OSS 117: Cairo, Nest of Spies

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1955. Jean Dujardin alias French Agent 117 aka Hubert Bonisseur de la Bath is the star in “OSS 117: Cairo, Nest of Spies, as a homage to 007, Inspector Clouseau and even Maxwell Smart along with dash of Austin Powers, you have a very funny, ridiculously wacky movie. Based on the 1949 novels by Jean Bruce, the movie brings to life the debonair yet quirky character of OSS 117.

We begin with two OSS agents both 117 and his comrade Jack Jefferson (Philippe Lefebvre) on a airborne mission for which they are herald as heroes of the day. A mishap takes the life of Jack and it’s revenge time for Hubert. He must seek out who killed his partner.

As a matter of fact the top brass at the agency, have a hefty new mission for him with just a few minor objectives: depart for Egypt to bring peace to the Arab world, settle the disputes amongst the Americans, Russians and divert the Suez Canal crisis. Perfect!

Along the way, he must locate his contact while asking many times, “How’s the veal stew?” as the password. He is greeted finally by the stunning yet capable contact Larmina El Akmar Betouche (Berenice Bejo) who must show Hubert the ropes and have him assimilate into her society.

In a hilarious scene he asks to be taught a few phrases to become like a local, so she teaches him how to count to five. Nevertheless, OSS 117 makes use of the knowledge in an even funnier comedic romp. Finding his ignorance to Arab culture deplorable, Larmina nevertheless trudges on to become a loyal companion to this clueless spy.

In his continuing quest to blend into his surroundings which seem impossible for him, he assumes a cover of a chicken and rooster dealer in Cairo. These chickens are only quiet when the lights are off and create a ruckus when the lights are turned on.

Throughout the film, agent 117 has a fascination with these chickens and the lights and wherever possible, plays with the lights like a youngster. His ignorance does not stop there, when the entire Arab world is appalled when he stops a muezzin from calling others to prayer. Thinking that he was just making noise, he climbs up the minaret to take the mike from the muezzin.

Completely mindless but still suave in every shot, he maintains that taurean confidence and a penchant for perfect hair. Just watching his various stances during gunplay is enough to elicit a chuckle as well as passing off photos of President Rene Coty as good luck charms when the mood hits him.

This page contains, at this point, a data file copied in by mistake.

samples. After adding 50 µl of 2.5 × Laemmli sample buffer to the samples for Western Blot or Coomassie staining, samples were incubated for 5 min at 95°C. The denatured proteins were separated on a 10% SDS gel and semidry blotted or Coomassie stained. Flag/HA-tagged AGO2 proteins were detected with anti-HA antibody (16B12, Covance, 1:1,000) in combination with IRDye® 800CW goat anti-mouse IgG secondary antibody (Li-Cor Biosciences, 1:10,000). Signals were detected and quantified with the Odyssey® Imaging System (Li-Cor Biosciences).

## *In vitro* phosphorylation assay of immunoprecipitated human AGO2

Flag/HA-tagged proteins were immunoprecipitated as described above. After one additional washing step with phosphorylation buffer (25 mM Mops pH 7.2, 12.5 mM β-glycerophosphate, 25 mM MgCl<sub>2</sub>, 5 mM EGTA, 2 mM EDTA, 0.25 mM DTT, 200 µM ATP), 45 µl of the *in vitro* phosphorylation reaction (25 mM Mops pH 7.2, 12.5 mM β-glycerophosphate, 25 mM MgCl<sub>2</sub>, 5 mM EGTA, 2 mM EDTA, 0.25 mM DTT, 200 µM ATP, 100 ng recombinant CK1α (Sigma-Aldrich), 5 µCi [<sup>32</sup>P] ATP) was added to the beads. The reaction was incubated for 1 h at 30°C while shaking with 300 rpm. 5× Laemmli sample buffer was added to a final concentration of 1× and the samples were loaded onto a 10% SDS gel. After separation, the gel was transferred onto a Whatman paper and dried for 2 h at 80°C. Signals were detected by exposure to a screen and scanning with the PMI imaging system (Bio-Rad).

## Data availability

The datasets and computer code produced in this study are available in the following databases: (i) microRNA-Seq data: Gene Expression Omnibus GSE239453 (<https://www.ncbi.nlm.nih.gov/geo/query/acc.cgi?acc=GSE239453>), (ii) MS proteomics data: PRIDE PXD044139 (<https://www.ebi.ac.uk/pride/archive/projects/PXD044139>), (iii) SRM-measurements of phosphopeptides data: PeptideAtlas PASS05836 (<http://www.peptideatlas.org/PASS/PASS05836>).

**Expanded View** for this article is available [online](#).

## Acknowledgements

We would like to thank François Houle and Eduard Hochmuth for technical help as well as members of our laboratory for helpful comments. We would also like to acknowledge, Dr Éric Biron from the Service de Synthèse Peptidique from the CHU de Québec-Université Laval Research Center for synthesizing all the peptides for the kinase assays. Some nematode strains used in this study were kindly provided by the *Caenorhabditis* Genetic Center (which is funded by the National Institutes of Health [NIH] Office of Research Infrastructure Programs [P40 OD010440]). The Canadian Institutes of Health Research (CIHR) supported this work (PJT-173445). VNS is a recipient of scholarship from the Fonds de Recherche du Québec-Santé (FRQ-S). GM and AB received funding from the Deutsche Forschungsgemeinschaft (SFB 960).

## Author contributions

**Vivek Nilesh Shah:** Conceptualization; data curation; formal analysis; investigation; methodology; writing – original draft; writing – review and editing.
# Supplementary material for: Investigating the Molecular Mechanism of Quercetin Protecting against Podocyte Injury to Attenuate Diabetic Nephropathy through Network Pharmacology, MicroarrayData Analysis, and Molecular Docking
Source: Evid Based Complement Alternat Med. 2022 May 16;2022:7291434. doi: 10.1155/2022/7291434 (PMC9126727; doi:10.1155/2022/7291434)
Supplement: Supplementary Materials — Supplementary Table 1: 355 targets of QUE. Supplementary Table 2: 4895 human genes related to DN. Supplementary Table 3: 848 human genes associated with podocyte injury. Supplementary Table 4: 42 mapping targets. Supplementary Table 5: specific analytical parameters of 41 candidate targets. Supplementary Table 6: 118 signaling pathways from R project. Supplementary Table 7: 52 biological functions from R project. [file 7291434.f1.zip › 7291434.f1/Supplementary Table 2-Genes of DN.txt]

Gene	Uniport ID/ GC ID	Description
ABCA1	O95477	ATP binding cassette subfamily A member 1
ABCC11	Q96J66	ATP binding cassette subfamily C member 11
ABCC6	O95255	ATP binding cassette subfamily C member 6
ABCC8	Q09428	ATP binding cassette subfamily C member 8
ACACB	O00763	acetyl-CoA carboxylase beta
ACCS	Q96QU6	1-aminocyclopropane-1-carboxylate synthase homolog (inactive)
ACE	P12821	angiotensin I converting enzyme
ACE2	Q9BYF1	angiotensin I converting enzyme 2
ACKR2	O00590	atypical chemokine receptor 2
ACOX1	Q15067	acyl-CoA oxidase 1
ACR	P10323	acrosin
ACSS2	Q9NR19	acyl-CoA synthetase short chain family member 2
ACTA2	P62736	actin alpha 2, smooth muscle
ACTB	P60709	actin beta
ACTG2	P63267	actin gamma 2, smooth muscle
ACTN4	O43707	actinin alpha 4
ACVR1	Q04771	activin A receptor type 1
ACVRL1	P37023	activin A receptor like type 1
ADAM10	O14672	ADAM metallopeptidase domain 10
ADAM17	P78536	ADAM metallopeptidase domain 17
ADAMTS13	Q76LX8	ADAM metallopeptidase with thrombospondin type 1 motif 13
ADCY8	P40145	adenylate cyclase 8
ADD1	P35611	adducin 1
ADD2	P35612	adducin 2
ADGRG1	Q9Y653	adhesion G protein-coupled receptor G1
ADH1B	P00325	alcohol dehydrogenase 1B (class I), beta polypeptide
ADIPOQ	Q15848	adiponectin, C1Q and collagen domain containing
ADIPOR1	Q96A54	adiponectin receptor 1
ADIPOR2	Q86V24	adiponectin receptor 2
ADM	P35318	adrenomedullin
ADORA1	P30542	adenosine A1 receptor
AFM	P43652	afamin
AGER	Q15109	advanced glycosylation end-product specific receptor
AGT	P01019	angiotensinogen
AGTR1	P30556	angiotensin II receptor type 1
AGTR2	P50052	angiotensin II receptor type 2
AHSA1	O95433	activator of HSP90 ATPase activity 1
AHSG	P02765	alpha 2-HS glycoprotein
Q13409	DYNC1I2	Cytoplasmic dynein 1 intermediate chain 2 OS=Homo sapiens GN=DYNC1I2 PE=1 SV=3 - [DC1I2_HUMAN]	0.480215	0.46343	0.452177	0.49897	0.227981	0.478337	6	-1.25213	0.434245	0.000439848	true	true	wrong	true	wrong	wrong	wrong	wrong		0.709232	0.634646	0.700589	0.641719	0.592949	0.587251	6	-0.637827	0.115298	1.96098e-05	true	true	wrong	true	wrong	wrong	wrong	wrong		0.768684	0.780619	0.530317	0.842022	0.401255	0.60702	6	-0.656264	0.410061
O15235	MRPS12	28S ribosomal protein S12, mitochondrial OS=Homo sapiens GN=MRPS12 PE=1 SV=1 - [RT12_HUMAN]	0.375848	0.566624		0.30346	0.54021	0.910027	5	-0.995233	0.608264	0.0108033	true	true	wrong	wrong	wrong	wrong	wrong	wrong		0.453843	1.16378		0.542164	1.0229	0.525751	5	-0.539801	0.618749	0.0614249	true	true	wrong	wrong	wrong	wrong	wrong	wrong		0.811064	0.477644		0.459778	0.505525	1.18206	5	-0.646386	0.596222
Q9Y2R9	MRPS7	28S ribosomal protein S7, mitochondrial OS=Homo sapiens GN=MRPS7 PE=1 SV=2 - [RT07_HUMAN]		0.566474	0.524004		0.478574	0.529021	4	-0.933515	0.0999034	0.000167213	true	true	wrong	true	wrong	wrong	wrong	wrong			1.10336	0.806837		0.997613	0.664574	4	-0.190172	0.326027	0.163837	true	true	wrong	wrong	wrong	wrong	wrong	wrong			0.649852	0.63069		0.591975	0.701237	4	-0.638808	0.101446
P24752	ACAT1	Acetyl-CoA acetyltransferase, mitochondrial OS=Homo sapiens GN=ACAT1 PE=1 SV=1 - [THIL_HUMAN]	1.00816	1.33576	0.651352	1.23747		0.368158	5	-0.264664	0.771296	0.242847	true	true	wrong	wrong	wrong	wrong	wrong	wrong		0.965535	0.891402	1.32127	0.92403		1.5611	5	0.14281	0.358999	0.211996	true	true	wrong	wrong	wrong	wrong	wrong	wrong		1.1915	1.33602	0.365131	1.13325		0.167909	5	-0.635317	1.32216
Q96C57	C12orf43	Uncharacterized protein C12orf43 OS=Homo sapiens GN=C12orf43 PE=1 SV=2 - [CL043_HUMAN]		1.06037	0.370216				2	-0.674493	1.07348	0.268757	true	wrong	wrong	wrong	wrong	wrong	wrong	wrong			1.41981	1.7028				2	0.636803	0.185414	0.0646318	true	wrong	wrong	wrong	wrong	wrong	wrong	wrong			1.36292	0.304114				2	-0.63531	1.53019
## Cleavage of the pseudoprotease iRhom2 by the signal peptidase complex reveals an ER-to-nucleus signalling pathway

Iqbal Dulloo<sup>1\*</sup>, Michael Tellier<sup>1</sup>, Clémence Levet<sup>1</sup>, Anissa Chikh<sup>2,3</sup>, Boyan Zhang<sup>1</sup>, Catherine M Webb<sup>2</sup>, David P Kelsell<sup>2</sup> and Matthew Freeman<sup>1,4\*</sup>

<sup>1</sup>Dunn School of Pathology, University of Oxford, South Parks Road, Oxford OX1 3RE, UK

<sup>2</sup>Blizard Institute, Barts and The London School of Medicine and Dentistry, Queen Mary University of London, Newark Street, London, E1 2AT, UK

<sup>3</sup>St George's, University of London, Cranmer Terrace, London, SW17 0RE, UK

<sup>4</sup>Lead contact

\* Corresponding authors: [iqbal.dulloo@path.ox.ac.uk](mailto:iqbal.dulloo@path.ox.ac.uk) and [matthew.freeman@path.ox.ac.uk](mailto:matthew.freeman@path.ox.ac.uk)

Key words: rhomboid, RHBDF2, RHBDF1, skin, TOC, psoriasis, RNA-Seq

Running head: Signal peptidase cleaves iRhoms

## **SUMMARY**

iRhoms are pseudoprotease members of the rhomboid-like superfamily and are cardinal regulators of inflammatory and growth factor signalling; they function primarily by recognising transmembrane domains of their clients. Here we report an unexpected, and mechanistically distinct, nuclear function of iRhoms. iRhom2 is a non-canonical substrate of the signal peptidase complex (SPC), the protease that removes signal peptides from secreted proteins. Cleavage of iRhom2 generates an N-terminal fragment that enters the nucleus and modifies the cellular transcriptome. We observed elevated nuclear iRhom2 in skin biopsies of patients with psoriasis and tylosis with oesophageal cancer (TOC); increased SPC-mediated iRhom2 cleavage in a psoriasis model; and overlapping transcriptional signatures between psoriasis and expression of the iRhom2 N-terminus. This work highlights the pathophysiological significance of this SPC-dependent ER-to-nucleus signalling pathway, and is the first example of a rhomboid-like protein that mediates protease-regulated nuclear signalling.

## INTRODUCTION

Agent 117 takes everything seriously especially, like Bond, amorous affairs with the ladies- especially wooing the niece of Egypt’s King Farouk (Aure Atika) who seems to be enamored with 117’s arsenal. Nevertheless, she tries to kill him at every opportunity but yet cannot resist his animal magnetism.

What makes this movie enjoyable to watch are the secondary characters who are lively, and though limited in onscreen dialogue, through their facial expressions and dry mannerisms, are hilarious to behold. You have the loyal second hand man to Agent 117 at the Chicken dealership, the evil (that’s pronounced E- veal) informant who tracks 117 wherever he goes, even when he is told otherwise, and others who from time to time steal the show.

With a hip, groovy soundtrack reminiscent of the action, espionage genre, the movie is never without a quickly delivered punchline in every scene. However, its 99 minutes running time can at times seem to drag endlessly.

Funny (not uproarishly), great performances by all, nicely stylized, “OSS 117: Cairo, Nest of Spies”, is a slick film which you can add to the list of good spy parodies out there.

****
Weak: 1 Star   Average: 2 Stars   Good: 3 Stars   Very Good: 4 Stars   Excellent: 5 Stars

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Tobe R. Roberts

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